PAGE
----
Advanced Chemical Oceanography

Postgraduate course

Course description

Objectives and Content


As a follow-up to course GEOF236 students get deeper insight into specific topics of chemical oceanography including classical as well as actual relevant research topics treated in the research community. Students learn to compile knowledge from different literature sources for a synthesis and to present this synthesis in front of an audience.


This course builds on GEOF 236, but focuses more on the general relationship between processes that determine the distribution of chemical substances between the ocean and atmosphere, and such processes of importance for the climate and environment changes in a past, present and future perspective. This course offers insight into actual important scientific subjects such as for example: The ocean's role in controlling the atmospheric CO2 concentration over time; mechanisms and impacts of ocean CO2 uptake and ocean acidifacation; nutrient cycling; oxygen and deoxygenation under climate change; changes in ocean ecosystems in Earth's past history and under human influence; the role of various functional groups in marine ecosystems; and land-ocean coupling.

Topics of current interest will change from year to year. Students will need to deliver a term paper based upon a freely selected topic within climate and environmental change and present the result in plenum of the other students.

Learning Outcomes

On completion of the course the student should have the following learning outcomes defined in terms of knowledge, skills and general competence:

The student

  • has advanced knowledge about specific chemical oceanographic problems
  • has in-depth knowledge in one central biogeochemical topic of own choice
  • understands in which way biogeochemistry and climate change are linked
  • has an overview about actual research activities and progress in marine biogeochemical research

The student

  • is able to independently synthesise and extract information about expected climate and environmental changes suggested by the most updated research in the international scientific press and present this information in a critical and analytical perspective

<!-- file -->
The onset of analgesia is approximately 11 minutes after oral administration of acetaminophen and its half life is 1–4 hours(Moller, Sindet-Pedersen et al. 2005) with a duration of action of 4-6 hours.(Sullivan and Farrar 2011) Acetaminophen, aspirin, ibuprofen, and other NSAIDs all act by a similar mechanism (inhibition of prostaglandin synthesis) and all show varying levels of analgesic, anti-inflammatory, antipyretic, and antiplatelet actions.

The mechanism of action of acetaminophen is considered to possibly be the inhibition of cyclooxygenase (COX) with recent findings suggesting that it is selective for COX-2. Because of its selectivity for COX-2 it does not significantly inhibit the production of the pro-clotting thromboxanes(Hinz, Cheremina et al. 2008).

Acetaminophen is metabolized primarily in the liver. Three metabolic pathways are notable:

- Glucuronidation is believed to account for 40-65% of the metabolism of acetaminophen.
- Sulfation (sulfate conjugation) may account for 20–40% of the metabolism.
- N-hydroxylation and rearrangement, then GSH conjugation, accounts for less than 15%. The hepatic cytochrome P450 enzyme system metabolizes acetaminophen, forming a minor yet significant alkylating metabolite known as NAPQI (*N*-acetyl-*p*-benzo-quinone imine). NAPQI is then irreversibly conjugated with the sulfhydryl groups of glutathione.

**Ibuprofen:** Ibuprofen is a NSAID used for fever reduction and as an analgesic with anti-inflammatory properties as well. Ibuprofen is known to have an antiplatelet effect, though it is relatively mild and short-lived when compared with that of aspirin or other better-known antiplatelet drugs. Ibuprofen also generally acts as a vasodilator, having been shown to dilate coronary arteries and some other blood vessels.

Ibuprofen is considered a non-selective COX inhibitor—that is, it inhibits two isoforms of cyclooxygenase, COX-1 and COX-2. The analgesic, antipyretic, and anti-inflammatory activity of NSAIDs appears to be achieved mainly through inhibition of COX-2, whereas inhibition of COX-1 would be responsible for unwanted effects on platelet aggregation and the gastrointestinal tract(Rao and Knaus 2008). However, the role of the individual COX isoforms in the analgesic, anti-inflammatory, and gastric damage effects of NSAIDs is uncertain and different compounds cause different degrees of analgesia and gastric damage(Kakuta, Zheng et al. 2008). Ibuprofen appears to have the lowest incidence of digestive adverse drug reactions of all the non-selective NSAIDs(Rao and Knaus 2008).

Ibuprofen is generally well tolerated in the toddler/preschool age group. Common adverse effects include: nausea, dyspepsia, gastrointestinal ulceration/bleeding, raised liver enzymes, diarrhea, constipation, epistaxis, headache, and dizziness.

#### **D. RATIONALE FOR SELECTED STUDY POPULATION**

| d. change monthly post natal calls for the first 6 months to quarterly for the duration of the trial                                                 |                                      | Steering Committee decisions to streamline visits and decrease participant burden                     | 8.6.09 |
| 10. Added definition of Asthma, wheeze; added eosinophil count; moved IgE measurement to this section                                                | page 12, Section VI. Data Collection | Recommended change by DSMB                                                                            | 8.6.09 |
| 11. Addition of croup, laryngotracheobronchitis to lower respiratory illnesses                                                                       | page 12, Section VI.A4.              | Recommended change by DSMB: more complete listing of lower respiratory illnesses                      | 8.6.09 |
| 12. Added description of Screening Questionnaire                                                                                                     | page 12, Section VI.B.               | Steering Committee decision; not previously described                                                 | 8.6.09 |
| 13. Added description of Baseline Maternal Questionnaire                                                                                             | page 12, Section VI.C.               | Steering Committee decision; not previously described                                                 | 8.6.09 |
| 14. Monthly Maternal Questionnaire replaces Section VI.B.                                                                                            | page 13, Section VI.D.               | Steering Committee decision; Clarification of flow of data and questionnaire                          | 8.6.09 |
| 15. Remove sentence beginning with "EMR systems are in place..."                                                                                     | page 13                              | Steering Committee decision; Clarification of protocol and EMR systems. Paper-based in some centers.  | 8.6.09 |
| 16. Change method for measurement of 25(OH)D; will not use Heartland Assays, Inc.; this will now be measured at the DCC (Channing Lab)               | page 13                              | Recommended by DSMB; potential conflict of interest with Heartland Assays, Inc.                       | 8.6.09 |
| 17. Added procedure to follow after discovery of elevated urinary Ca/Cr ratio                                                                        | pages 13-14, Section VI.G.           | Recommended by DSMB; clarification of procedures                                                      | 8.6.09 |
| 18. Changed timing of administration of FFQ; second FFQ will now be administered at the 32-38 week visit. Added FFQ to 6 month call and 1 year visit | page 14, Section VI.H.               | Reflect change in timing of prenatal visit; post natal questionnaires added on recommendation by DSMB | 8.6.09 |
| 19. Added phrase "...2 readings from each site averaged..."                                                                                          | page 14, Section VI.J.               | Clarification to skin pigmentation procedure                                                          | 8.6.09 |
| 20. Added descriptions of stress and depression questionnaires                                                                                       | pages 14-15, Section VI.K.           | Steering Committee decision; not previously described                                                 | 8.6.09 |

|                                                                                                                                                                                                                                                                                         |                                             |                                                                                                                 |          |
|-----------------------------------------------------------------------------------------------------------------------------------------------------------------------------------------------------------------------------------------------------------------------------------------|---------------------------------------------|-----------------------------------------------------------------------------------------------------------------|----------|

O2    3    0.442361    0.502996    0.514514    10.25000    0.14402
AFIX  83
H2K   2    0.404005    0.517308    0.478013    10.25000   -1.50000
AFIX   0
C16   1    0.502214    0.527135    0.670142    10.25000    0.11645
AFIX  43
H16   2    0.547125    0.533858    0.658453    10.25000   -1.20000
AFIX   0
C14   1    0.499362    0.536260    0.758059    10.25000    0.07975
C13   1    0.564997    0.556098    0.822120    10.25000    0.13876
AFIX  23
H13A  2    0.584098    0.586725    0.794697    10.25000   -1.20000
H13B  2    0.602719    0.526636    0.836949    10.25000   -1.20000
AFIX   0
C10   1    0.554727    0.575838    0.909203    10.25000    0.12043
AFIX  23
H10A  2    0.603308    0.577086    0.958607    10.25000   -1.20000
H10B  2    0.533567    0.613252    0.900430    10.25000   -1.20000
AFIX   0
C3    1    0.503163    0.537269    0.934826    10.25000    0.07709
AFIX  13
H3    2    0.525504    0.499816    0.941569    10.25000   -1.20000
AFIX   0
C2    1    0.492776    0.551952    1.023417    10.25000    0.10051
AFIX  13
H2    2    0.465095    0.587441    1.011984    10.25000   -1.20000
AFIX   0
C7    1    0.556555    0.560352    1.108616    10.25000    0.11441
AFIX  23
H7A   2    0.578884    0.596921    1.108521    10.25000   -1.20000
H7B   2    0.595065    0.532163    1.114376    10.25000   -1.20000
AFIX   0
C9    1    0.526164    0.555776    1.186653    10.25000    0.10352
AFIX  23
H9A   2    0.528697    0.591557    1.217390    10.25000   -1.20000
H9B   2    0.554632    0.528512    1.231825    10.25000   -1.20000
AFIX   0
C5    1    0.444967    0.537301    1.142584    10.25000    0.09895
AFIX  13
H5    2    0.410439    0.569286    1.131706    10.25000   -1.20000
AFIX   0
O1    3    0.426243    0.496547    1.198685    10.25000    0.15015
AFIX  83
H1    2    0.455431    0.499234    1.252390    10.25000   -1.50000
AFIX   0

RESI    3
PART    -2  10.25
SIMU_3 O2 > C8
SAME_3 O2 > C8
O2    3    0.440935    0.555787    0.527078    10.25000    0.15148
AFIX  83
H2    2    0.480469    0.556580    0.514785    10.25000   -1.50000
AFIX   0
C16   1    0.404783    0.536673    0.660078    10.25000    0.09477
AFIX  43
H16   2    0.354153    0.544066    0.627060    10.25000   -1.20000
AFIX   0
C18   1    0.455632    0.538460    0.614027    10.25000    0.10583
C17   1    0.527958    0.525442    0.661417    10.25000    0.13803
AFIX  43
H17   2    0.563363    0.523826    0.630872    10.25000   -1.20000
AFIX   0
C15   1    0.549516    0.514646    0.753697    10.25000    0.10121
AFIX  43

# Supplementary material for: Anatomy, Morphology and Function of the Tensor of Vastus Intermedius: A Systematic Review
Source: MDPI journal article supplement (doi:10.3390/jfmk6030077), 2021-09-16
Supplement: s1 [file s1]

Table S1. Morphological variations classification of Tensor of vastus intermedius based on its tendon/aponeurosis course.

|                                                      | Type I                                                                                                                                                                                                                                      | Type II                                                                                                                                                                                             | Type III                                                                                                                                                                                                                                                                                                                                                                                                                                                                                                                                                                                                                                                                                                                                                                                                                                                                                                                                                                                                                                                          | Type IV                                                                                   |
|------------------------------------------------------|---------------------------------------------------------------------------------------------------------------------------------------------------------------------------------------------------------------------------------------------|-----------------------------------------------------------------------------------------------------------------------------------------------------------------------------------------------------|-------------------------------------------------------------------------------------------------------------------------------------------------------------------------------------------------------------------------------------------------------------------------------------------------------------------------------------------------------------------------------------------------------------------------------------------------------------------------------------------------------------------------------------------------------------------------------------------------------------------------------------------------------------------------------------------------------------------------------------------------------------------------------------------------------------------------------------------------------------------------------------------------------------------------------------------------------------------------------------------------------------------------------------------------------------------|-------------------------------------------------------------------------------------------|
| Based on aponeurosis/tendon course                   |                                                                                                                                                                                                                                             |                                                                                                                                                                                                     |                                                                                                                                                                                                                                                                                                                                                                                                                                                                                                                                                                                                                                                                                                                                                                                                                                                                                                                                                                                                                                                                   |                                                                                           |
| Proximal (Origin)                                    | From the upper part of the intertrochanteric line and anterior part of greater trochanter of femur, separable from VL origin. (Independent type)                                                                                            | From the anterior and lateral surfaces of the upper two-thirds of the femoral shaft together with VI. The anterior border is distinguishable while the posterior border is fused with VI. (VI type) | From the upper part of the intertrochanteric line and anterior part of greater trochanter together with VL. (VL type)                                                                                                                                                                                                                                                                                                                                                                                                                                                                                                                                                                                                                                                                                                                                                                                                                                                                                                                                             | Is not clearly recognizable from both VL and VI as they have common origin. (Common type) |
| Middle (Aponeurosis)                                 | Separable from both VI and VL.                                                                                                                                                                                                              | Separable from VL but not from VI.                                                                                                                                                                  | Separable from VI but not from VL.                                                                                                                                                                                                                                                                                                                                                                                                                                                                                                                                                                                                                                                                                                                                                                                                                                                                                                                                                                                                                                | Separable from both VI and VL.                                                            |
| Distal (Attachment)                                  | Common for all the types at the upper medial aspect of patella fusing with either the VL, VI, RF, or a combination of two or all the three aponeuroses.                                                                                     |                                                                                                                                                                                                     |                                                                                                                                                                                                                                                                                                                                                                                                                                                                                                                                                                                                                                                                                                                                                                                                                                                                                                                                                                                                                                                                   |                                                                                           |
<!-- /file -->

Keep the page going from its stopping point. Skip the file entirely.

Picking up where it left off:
• is able to present a selected topic within climate and environmental change based upon published literature from the international scientific press through a term paper
  • is able to present and to elaborate on the scientific outcome of the term paper in a public setting

General competence
The student

  • can critically read scientific articles and summarize them
  • can carry out a scientific literature search
  • collects experience in scientific writing and scientific presentations



ECTS Credits


Level of Study


Semester of Instruction

Spring, the course will only be taught if enough students enroll
Enrolment to this course is based on application. Application deadline is Thursday in week 2 for the spring semester.
Please, see this page for more information:

Required Previous Knowledge
Bachelor's degree in Climate, Atmosphere and Ocean Physics (named Bachelor's degree in Meteorology and Oceanography until Fall 2017), in addition to principles of chemical oceanography.
Recommended Previous Knowledge
GEOF236 or equivalent.
Access to the Course
Access to the course requires admission to a master's programme at The Faculty of Mathematics and Natural Sciences.
Teaching and learning methods
Lecture/4 hours per week in seven weeks
Supervision of semester thesis and presentation
One day with student presentations of semester thesis
Compulsory Assignments and Attendance

Attendance of lectures.

Delivery of semester thesis of must be passed.

Oral presentation of semester thesis (ca. 20 min).

Forms of Assessment
Project thesis and presentation counts 20% on the final grade and must be done. (Valid for two semesters: The semester mandatory activities have been approved and the following semester.)
Final exam oral, 45 minutes, counts 80% on the final grade and must be passed.
Grading Scale
The grading scale used is A to F. Grade A is the highest passing grade in the grading scale, grade F is a fail.
Assessment Semester
Examination both spring semester and autumn semester. In semesters without teaching the examination will be arranged at the beginning of the semester.
Reading List
The reading list will be available within July 1st for the autumn semester and January 1st for the spring semester.
Course Evaluation
The course will be evaluated by the students in accordance with the quality assurance system at UiB and the department.
Examination Support Material
Programme Committee
The Programme Committee is responsible for the content, structure and quality of the study programme and courses.